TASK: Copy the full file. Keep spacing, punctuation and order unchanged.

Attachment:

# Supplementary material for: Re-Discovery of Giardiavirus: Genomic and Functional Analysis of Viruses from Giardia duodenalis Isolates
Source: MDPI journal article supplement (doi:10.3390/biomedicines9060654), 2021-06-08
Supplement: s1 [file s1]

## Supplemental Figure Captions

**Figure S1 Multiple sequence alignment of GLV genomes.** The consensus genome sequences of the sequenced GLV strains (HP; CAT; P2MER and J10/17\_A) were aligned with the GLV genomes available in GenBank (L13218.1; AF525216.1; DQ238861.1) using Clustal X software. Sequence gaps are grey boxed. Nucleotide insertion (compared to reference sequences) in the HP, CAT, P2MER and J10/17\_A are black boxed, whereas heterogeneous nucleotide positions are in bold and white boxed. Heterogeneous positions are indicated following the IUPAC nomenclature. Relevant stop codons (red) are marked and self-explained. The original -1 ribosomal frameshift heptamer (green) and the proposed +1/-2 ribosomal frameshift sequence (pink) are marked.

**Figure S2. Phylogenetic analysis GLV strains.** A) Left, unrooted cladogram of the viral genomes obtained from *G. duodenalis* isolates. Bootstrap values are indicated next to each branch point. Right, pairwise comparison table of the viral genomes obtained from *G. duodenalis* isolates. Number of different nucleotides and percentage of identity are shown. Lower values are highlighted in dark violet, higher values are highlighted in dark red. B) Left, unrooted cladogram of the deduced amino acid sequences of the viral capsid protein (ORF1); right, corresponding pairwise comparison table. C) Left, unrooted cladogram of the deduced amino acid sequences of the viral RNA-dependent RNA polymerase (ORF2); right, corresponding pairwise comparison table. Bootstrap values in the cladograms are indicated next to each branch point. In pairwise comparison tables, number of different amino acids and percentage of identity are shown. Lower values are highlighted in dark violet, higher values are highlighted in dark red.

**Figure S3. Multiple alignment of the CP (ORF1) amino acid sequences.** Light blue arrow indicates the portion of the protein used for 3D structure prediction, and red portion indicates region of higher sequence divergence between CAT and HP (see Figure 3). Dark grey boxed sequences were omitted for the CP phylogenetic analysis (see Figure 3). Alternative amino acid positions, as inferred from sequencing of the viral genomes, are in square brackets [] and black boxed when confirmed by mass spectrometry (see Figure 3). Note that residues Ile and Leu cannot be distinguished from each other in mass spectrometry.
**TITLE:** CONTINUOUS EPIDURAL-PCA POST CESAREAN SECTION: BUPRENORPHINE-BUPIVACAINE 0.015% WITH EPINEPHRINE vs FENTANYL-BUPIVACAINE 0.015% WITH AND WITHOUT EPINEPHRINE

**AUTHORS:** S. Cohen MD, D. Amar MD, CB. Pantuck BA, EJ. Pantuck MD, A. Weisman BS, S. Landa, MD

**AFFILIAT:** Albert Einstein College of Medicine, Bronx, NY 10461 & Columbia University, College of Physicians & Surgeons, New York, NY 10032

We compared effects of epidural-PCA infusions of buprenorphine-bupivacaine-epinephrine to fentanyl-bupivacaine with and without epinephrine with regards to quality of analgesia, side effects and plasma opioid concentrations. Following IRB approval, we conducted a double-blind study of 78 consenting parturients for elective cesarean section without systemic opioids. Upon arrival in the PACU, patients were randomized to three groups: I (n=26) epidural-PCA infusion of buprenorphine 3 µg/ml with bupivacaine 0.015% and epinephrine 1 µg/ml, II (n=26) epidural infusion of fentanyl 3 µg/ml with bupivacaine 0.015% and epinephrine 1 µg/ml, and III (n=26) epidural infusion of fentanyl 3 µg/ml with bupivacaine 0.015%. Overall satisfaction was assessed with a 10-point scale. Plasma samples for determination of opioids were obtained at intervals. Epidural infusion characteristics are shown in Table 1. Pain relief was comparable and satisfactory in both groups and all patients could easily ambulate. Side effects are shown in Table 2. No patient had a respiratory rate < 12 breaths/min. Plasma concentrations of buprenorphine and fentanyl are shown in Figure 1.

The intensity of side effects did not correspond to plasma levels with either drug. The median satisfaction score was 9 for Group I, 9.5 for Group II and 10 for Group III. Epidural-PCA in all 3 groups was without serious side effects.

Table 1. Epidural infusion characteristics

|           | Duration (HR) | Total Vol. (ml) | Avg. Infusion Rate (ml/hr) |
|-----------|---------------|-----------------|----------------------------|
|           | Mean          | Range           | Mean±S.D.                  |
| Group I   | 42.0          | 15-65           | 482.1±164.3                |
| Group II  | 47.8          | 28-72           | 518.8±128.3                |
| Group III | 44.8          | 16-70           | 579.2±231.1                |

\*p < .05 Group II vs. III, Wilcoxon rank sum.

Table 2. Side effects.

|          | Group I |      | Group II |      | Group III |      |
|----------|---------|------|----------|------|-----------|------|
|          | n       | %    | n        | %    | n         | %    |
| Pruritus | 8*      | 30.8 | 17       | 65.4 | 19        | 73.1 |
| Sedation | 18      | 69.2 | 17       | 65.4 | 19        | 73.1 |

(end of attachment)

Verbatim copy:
# Supplementary material for: Re-Discovery of Giardiavirus: Genomic and Functional Analysis of Viruses from Giardia duodenalis Isolates
Source: MDPI journal article supplement (doi:10.3390/biomedicines9060654), 2021-06-08
Supplement: s1 [file s1]

## Supplemental Figure Captions

**Figure S1 Multiple sequence alignment of GLV genomes.** The consensus genome sequences of the sequenced GLV strains (HP; CAT; P2MER and J10/17\_A) were aligned with the GLV genomes available in GenBank (L13218.1; AF525216.1; DQ238861.1) using Clustal X software. Sequence gaps are grey boxed. Nucleotide insertion (compared to reference sequences) in the HP, CAT, P2MER and J10/17\_A are black boxed, whereas heterogeneous nucleotide positions are in bold and white boxed. Heterogeneous positions are indicated following the IUPAC nomenclature. Relevant stop codons (red) are marked and self-explained. The original -1 ribosomal frameshift heptamer (green) and the proposed +1/-2 ribosomal frameshift sequence (pink) are marked.

**Figure S2. Phylogenetic analysis GLV strains.** A) Left, unrooted cladogram of the viral genomes obtained from *G. duodenalis* isolates. Bootstrap values are indicated next to each branch point. Right, pairwise comparison table of the viral genomes obtained from *G. duodenalis* isolates. Number of different nucleotides and percentage of identity are shown. Lower values are highlighted in dark violet, higher values are highlighted in dark red. B) Left, unrooted cladogram of the deduced amino acid sequences of the viral capsid protein (ORF1); right, corresponding pairwise comparison table. C) Left, unrooted cladogram of the deduced amino acid sequences of the viral RNA-dependent RNA polymerase (ORF2); right, corresponding pairwise comparison table. Bootstrap values in the cladograms are indicated next to each branch point. In pairwise comparison tables, number of different amino acids and percentage of identity are shown. Lower values are highlighted in dark violet, higher values are highlighted in dark red.

**Figure S3. Multiple alignment of the CP (ORF1) amino acid sequences.** Light blue arrow indicates the portion of the protein used for 3D structure prediction, and red portion indicates region of higher sequence divergence between CAT and HP (see Figure 3). Dark grey boxed sequences were omitted for the CP phylogenetic analysis (see Figure 3). Alternative amino acid positions, as inferred from sequencing of the viral genomes, are in square brackets [] and black boxed when confirmed by mass spectrometry (see Figure 3). Note that residues Ile and Leu cannot be distinguished from each other in mass spectrometry.
**TITLE:** CONTINUOUS EPIDURAL-PCA POST CESAREAN SECTION: BUPRENORPHINE-BUPIVACAINE 0.015% WITH EPINEPHRINE vs FENTANYL-BUPIVACAINE 0.015% WITH AND WITHOUT EPINEPHRINE

**AUTHORS:** S. Cohen MD, D. Amar MD, CB. Pantuck BA, EJ. Pantuck MD, A. Weisman BS, S. Landa, MD

**AFFILIAT:** Albert Einstein College of Medicine, Bronx, NY 10461 & Columbia University, College of Physicians & Surgeons, New York, NY 10032

We compared effects of epidural-PCA infusions of buprenorphine-bupivacaine-epinephrine to fentanyl-bupivacaine with and without epinephrine with regards to quality of analgesia, side effects and plasma opioid concentrations. Following IRB approval, we conducted a double-blind study of 78 consenting parturients for elective cesarean section without systemic opioids. Upon arrival in the PACU, patients were randomized to three groups: I (n=26) epidural-PCA infusion of buprenorphine 3 µg/ml with bupivacaine 0.015% and epinephrine 1 µg/ml, II (n=26) epidural infusion of fentanyl 3 µg/ml with bupivacaine 0.015% and epinephrine 1 µg/ml, and III (n=26) epidural infusion of fentanyl 3 µg/ml with bupivacaine 0.015%. Overall satisfaction was assessed with a 10-point scale. Plasma samples for determination of opioids were obtained at intervals. Epidural infusion characteristics are shown in Table 1. Pain relief was comparable and satisfactory in both groups and all patients could easily ambulate. Side effects are shown in Table 2. No patient had a respiratory rate < 12 breaths/min. Plasma concentrations of buprenorphine and fentanyl are shown in Figure 1.

The intensity of side effects did not correspond to plasma levels with either drug. The median satisfaction score was 9 for Group I, 9.5 for Group II and 10 for Group III. Epidural-PCA in all 3 groups was without serious side effects.

Table 1. Epidural infusion characteristics

|           | Duration (HR) | Total Vol. (ml) | Avg. Infusion Rate (ml/hr) |
|-----------|---------------|-----------------|----------------------------|
|           | Mean          | Range           | Mean±S.D.                  |
| Group I   | 42.0          | 15-65           | 482.1±164.3                |
| Group II  | 47.8          | 28-72           | 518.8±128.3                |
| Group III | 44.8          | 16-70           | 579.2±231.1                |

\*p < .05 Group II vs. III, Wilcoxon rank sum.

Table 2. Side effects.

|          | Group I |      | Group II |      | Group III |      |
|----------|---------|------|----------|------|-----------|------|
|          | n       | %    | n        | %    | n         | %    |
| Pruritus | 8*      | 30.8 | 17       | 65.4 | 19        | 73.1 |
| Sedation | 18      | 69.2 | 17       | 65.4 | 19        | 73.1 |